The saying that when a person is taken from this life when doing something they love, their death becomes more memorable may ring true for some, but here those words seem to get lost. Certainly these good people who lost their lives on that eventful night were doing something they loved, but to lose their lives from the actions of others – whether those actions could have been prevented – almost seems to make what happened on that cold Rhode Island night even more sad.

In a mere six minutes the nightclub was ravaged by fire, so for those there, the fear that ensued makes the thought of the horrific sequence of events even more chilling. It is beyond comprehension of what it must have been like. But in the end, 100 of our fellow hard rockers were killed. 100!! And, of course, the next thought that comes is how and why. Some of those questions may be answered and perhaps some may never be.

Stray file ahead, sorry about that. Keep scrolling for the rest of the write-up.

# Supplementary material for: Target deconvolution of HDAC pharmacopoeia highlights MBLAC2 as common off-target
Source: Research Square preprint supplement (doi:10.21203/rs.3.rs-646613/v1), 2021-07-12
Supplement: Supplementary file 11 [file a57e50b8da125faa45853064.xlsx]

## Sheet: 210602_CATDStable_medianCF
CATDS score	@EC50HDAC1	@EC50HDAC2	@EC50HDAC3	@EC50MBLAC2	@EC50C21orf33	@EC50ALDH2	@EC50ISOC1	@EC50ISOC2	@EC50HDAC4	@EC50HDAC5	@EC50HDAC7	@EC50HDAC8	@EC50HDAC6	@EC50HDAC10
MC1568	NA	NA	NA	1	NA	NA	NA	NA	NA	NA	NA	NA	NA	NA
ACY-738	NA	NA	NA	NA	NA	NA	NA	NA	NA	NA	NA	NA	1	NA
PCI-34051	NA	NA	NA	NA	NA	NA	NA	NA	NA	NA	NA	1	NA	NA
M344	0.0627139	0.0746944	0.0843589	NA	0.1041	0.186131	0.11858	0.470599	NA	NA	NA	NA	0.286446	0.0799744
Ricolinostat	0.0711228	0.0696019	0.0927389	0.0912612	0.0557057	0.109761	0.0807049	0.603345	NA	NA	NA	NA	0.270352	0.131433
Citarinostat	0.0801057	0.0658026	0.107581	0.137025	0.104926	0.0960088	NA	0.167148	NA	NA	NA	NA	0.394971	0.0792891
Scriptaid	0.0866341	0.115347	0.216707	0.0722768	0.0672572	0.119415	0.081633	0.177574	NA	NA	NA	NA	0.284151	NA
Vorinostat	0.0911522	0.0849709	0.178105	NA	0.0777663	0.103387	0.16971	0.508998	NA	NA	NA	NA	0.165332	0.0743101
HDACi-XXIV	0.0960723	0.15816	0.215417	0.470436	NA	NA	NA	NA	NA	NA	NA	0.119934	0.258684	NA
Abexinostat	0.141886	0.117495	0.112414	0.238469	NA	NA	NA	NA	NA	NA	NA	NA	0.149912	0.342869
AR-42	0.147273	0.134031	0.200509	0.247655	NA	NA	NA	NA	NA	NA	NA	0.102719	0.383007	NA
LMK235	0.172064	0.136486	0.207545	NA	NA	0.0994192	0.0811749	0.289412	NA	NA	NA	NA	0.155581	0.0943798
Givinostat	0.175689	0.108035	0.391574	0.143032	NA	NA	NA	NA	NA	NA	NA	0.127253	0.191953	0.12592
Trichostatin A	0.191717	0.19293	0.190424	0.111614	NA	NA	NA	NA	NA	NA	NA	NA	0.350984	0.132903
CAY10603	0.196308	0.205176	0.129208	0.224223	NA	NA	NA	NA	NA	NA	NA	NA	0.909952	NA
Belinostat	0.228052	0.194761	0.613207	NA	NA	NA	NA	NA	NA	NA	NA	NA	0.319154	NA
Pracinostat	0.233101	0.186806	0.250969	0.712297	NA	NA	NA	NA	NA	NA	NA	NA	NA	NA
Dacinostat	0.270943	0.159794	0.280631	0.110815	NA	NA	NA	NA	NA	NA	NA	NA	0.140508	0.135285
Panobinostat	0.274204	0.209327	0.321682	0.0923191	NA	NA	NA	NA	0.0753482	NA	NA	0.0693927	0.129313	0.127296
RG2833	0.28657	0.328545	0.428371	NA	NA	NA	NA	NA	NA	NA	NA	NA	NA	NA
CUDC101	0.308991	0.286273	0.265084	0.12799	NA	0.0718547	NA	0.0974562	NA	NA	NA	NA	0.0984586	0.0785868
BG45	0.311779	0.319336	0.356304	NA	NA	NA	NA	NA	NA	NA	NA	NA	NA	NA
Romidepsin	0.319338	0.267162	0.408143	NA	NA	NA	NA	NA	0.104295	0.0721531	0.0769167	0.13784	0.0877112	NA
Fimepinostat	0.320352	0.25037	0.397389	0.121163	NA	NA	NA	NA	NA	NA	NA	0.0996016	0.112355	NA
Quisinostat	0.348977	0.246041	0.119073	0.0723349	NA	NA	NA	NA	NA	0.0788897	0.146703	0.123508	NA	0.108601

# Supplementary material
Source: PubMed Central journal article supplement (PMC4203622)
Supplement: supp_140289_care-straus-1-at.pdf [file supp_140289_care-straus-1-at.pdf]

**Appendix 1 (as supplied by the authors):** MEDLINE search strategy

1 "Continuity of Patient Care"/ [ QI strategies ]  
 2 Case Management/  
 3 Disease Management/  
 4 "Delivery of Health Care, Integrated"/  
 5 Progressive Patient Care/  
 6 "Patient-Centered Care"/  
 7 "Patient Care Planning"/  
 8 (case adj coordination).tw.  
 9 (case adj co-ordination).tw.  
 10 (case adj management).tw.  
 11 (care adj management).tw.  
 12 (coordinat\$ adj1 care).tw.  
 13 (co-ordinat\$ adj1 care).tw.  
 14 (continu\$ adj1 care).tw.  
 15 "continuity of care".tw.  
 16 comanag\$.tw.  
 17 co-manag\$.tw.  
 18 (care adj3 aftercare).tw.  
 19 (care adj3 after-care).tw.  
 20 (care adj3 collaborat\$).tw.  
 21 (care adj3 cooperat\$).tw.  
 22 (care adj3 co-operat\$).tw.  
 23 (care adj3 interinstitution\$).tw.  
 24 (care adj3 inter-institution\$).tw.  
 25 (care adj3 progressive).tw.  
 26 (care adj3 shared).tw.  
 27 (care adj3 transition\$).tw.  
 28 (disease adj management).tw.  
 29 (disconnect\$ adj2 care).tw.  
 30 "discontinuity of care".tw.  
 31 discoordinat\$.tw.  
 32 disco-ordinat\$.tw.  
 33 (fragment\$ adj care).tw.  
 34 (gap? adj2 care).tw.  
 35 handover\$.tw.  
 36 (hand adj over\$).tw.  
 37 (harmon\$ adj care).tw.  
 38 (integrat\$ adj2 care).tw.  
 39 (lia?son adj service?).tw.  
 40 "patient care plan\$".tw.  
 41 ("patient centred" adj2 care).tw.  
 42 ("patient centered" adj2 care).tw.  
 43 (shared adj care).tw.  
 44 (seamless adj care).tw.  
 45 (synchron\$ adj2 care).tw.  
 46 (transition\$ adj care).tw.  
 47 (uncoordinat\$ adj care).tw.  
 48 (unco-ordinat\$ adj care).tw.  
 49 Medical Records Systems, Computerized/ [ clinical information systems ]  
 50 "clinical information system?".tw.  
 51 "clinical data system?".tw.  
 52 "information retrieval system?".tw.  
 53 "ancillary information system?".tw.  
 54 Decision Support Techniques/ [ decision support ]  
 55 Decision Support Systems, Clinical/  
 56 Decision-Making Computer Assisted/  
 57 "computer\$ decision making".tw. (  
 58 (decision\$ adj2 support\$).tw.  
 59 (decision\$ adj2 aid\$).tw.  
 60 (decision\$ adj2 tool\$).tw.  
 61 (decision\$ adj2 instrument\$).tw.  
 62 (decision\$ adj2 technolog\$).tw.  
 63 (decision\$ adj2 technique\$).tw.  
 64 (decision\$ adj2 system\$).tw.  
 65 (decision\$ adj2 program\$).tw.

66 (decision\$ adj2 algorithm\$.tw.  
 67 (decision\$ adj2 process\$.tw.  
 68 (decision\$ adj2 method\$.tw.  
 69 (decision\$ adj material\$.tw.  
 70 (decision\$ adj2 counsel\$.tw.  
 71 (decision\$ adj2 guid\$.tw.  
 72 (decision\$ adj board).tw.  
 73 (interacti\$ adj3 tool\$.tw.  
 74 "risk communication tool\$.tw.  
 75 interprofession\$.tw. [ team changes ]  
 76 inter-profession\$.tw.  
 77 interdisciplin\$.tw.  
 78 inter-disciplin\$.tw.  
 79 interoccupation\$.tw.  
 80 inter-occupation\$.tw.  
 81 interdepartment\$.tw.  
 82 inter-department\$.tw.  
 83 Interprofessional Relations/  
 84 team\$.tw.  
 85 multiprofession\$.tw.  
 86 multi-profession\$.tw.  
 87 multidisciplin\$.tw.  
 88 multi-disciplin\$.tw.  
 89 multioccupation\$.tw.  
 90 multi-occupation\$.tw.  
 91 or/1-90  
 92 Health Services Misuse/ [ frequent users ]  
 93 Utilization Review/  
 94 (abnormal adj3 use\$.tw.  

As the dust settles and after the realism of what occurred sets in, then comes the slow process of healing. So we say to those injured, we hope your recovery was swift. To those who were there and, still to this day, are tormented with thoughts of what transpired, we wish for you peace. To the families who lost so much that night, we offer our shoulders to cry on, a beer lifted to the sky in memory of those who were killed and extend to you our wish that our tears could and would somehow bring back their return. But in the silence of our own lives, we know they can’t. So instead with a hushed reflection we say to those who grieve, “… please know you do not hurt alone, we hurt with you, and we are here for you and will be till the end of time. We may have not been at that concert, but our spirits were. In a sense, we are part of your family, those of us who breathe and live rock ‘n’ roll. While these words may not ease your anguish, we hope you know what your family member’s life means to us.”

For those who don’t understand what it is like to be part of our hard rock/heavy metal family, you will never understand, and, truthfully, we don’t care if you do or not. The reality is that in our existence, there is one thing that is a universal fact – rock ‘n’ roll is a part of our lives, as much as is our heritage or anything else. This month will be the eighth anniversary of The Station Nightclub Fire. Thankfully, time has a unique way of soothing the hurt and giving us strength to pick ourselves up and continue on. And so we do, each day becoming a little easier than the one before.